No divorce for these lovebirds.

5. Favorite pair of best friends? (i.e: Barbara Stanwyck and Joan Crawford)

Frank McHugh, Pat O'Brien, James Cagney

James Cagney and Pat O'Brien were not only compatible screen partners, with ten movie collaborations to their credit, but pals (drinking buddies) outside of work as well.

6. Favorite actor with a mustache?

The Mouthpiece himself - Warren William.

7. Favorite blonde actress?

The world's most talented girl next door - Doris Day.

8. Favorite pre-code?
The pace is remarkable in this not for the politically correct thriller. You can't take your eyes off the screen for a moment or you'll miss something. Lewis Stone as a senior citizen James Bond type going up against a maniac Boris Karloff bent on world domination? Irresistible.

9. Which studio would you have liked to join?

The studio sorting hat places this community theatre character actress at Twentieth Century Fox where she can appear in Charlie Chan movies, be spotlighted in the odd film noir, kick up her heels in a musical or two and maybe have a bit in a John Ford film.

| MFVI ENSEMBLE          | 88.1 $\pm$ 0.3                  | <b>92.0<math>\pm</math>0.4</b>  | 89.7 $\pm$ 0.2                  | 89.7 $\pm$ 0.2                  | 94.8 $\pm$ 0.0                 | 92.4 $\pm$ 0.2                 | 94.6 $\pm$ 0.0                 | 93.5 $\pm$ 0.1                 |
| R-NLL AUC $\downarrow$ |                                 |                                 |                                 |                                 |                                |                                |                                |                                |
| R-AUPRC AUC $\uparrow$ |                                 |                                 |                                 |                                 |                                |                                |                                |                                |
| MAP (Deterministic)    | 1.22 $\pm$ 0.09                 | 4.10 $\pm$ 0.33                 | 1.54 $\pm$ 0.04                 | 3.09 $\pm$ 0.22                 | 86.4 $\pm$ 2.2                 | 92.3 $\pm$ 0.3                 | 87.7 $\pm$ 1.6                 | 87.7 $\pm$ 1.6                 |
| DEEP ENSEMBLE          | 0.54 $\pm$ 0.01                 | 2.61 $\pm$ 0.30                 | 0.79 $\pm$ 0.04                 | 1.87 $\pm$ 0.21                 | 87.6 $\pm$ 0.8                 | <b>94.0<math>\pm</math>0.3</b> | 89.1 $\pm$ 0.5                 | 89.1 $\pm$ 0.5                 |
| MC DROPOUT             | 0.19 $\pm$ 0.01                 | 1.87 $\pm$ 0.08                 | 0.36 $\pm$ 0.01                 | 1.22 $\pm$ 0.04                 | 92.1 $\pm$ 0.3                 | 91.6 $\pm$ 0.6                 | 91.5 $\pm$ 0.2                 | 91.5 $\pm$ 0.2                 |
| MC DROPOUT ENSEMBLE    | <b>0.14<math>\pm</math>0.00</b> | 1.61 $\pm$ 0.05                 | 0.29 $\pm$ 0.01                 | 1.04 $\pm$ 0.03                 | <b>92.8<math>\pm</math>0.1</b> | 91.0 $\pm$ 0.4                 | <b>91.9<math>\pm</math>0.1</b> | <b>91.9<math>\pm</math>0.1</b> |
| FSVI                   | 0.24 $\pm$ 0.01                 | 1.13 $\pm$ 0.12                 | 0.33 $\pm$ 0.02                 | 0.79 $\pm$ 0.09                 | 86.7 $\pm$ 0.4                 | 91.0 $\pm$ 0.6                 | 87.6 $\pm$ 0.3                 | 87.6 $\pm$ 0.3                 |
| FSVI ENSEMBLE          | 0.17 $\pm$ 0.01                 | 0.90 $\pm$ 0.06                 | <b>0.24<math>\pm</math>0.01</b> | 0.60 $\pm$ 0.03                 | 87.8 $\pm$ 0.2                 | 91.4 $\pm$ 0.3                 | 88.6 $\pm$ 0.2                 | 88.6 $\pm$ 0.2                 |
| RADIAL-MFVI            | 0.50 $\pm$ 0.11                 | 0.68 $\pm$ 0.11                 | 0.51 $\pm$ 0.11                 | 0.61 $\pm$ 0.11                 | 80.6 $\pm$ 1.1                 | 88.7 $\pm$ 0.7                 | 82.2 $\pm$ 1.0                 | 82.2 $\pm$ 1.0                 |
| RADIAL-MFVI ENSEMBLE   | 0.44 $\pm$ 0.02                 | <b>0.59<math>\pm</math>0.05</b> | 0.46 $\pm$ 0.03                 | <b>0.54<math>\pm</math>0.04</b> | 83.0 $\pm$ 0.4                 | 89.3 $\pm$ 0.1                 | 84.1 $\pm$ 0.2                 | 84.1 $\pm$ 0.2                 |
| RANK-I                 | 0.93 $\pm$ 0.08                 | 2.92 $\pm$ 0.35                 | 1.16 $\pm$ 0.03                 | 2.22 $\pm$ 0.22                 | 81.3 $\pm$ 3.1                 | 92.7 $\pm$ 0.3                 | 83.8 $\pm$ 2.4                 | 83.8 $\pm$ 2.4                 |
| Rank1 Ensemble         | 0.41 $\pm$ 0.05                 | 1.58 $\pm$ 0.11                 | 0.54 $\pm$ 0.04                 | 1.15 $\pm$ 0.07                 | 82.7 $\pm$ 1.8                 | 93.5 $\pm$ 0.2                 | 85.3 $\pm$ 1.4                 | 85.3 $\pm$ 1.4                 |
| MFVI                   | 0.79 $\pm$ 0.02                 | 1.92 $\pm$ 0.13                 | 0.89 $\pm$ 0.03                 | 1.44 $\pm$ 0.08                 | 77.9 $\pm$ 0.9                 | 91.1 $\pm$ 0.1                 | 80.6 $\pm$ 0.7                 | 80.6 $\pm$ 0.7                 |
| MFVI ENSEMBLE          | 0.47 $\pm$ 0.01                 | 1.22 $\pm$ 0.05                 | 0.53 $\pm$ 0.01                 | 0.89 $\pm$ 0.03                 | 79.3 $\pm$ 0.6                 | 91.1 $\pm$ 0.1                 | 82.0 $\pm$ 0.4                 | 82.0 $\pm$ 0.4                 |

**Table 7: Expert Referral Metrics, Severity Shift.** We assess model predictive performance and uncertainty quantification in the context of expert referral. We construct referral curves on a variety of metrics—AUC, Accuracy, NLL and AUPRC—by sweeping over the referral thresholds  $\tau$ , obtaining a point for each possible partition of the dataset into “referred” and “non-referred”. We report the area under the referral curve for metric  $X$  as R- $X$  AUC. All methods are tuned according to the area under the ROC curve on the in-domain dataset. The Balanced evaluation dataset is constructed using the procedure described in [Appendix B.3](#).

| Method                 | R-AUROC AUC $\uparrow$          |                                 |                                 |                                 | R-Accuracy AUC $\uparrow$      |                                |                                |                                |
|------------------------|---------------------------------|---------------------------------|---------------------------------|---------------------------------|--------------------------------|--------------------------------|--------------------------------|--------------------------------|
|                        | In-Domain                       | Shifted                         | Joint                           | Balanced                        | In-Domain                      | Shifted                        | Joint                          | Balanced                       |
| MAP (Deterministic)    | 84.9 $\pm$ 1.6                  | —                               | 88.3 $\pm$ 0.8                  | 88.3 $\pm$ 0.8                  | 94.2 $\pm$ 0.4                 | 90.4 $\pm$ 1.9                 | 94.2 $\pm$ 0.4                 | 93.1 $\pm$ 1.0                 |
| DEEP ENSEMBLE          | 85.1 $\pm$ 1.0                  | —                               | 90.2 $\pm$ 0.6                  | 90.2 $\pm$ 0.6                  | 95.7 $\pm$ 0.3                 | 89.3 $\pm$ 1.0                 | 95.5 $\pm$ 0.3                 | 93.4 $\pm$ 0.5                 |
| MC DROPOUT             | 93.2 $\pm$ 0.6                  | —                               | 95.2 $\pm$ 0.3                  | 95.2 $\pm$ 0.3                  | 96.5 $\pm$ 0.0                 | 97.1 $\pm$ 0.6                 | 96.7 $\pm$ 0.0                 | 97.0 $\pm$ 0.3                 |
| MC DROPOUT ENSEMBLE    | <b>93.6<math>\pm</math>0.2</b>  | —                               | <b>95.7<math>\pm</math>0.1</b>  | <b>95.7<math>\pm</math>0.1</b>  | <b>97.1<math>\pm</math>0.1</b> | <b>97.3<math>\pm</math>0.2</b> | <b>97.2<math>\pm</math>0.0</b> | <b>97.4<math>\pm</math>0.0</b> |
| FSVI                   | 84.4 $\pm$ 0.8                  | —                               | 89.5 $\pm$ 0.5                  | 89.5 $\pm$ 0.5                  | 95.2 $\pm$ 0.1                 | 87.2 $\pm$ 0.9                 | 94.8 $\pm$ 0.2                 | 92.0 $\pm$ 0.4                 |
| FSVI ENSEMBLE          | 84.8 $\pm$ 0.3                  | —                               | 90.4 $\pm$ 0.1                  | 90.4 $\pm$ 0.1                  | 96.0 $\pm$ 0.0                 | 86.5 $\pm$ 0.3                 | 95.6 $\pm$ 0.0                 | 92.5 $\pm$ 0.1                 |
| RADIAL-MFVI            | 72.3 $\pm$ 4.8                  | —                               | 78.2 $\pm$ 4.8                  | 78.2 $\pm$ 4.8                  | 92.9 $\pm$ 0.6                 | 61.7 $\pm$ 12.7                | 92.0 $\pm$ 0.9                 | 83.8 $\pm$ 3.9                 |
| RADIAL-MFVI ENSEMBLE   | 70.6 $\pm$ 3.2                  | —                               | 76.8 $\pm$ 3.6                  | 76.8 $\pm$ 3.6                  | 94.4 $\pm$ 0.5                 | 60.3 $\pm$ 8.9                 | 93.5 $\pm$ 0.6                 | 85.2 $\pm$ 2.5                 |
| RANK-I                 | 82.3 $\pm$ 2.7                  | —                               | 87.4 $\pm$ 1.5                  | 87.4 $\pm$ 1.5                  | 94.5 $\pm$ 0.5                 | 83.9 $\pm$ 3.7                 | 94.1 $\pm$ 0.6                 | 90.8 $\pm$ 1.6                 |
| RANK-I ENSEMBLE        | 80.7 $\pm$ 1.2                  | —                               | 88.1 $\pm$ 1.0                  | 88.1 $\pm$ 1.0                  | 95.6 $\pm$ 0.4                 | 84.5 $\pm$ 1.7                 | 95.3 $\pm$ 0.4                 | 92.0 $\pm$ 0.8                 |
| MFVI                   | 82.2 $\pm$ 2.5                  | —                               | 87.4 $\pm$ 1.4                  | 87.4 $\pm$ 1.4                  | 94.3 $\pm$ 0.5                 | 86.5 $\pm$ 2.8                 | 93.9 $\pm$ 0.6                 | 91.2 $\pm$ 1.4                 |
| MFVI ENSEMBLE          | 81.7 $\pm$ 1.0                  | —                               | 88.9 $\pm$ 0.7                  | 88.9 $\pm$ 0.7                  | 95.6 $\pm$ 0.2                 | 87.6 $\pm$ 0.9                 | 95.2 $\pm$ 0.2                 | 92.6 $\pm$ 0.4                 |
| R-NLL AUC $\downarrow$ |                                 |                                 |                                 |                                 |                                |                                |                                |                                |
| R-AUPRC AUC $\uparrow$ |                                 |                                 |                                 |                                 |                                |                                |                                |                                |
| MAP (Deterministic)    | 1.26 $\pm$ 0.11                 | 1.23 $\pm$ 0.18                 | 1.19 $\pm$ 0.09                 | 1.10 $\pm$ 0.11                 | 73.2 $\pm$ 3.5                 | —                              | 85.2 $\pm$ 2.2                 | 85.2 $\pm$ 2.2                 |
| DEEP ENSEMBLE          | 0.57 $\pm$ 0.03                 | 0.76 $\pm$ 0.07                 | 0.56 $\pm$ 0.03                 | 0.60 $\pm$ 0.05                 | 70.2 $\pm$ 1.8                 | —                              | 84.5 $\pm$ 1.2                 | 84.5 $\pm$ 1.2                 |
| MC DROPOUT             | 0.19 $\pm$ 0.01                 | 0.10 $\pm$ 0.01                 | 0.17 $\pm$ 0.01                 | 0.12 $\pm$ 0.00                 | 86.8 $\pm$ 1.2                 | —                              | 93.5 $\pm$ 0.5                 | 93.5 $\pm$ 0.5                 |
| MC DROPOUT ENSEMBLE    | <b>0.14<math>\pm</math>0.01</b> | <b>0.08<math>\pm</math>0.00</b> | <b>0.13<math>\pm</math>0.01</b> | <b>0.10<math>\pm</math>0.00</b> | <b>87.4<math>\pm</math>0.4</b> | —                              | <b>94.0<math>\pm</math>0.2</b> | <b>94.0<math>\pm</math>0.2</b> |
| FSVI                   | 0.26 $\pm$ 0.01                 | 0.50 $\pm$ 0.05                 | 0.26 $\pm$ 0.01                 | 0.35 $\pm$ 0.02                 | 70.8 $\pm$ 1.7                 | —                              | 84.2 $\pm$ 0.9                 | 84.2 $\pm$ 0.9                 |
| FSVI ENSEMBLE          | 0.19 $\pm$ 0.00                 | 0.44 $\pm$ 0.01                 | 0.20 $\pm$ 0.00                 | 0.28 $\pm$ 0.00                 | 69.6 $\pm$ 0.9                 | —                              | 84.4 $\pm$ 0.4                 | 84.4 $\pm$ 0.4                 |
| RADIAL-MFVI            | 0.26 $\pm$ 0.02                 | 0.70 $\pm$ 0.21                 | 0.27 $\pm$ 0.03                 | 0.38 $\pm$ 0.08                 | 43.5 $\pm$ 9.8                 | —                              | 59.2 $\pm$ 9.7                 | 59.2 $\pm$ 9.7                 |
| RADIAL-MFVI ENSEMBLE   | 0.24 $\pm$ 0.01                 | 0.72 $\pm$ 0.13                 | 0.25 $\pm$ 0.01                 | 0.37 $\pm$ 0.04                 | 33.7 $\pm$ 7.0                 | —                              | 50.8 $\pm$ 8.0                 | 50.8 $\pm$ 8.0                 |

10. Favorite common on screen pairing that SHOULD have gotten married?

John Wayne and Maureen O'Hara

11. Favorite I Love Lucy episode?

One? The Operetta from Season 2. It is so very funny.

12. Out of these actresses which one do you like best: Lucille Ball, Ingrid Bergman, Natalie Wood, Grace Kelly, Audrey Hepburn, Greer Garson, Grace Kelly, or Katharine Hepburn?

My favourite actress of those listed is Katharine Hepburn. Her versatility and strength continually astounds me. Although I could make a strong case for all of the ladies listed.

13. Shadowy film noir from the 1940’s or splashy colorful musicals from the 1950’s?

So, you're asking me to choose between Seven Brides for Seven Brothers and Laura? Impossible. Although, once I recommended a movie to someone and she asked "It's not one of those noir things you like, is it?" So, I guess I'm really the dark, moody type.

14. Actor or actress with the best autograph (photo preferred).

Have you ever seen a neater hand than Randolph Scott's? I appreciate nice handwriting.

15. A baby (or childhood, or teenage) photo of either your favorite actress or actor (or both, if you’d like.)

Little Jimmy Cagney would grow up to be my favourite actor. The kid was born with attitude.

Wednesday, February 1, 2012

Caftan Woman's Choice - One for February on TCM